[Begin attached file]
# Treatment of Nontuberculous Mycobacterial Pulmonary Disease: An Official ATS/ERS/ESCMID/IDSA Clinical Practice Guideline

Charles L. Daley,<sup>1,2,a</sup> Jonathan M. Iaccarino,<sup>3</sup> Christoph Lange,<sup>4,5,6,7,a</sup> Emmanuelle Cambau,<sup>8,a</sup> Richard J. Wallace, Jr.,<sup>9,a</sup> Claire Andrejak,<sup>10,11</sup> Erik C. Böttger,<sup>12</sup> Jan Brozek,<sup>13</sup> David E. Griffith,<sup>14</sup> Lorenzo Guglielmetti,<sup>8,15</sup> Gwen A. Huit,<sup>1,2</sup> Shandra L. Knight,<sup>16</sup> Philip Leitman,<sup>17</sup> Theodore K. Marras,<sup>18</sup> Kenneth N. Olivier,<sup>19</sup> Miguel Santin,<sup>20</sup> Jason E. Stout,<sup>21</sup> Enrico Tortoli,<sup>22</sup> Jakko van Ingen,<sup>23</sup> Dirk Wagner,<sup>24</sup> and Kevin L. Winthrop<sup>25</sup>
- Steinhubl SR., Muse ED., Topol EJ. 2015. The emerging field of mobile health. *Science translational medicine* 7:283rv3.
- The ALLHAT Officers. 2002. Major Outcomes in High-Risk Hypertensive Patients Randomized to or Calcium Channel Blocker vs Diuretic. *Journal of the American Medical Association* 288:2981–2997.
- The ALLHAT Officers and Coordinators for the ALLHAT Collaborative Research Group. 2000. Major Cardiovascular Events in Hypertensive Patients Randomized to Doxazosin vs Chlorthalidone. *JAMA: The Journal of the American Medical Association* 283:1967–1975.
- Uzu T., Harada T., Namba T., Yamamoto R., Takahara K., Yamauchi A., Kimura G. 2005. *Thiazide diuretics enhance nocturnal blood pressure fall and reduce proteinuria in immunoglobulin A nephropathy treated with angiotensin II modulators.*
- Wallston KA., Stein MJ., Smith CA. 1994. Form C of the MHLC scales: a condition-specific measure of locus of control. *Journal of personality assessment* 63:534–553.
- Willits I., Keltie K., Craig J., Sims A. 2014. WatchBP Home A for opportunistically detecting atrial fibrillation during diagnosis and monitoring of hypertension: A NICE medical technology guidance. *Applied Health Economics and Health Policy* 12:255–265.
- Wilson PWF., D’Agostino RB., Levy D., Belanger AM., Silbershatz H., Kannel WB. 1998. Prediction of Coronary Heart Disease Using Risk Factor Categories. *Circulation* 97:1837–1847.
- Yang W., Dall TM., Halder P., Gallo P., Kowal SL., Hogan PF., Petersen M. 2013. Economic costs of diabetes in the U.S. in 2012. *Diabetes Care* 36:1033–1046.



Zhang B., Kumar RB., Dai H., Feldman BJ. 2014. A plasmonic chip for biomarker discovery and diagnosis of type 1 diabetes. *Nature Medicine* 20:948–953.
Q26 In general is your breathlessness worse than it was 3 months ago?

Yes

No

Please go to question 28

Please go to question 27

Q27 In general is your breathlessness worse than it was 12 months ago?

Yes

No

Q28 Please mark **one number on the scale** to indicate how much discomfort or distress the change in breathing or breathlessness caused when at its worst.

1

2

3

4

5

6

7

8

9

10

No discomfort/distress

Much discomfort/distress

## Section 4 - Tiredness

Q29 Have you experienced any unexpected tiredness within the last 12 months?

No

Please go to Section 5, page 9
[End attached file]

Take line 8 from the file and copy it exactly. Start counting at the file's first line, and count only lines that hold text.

- Willits I., Keltie K., Craig J., Sims A. 2014. WatchBP Home A for opportunistically detecting atrial fibrillation during diagnosis and monitoring of hypertension: A NICE medical technology guidance. *Applied Health Economics and Health Policy* 12:255–265.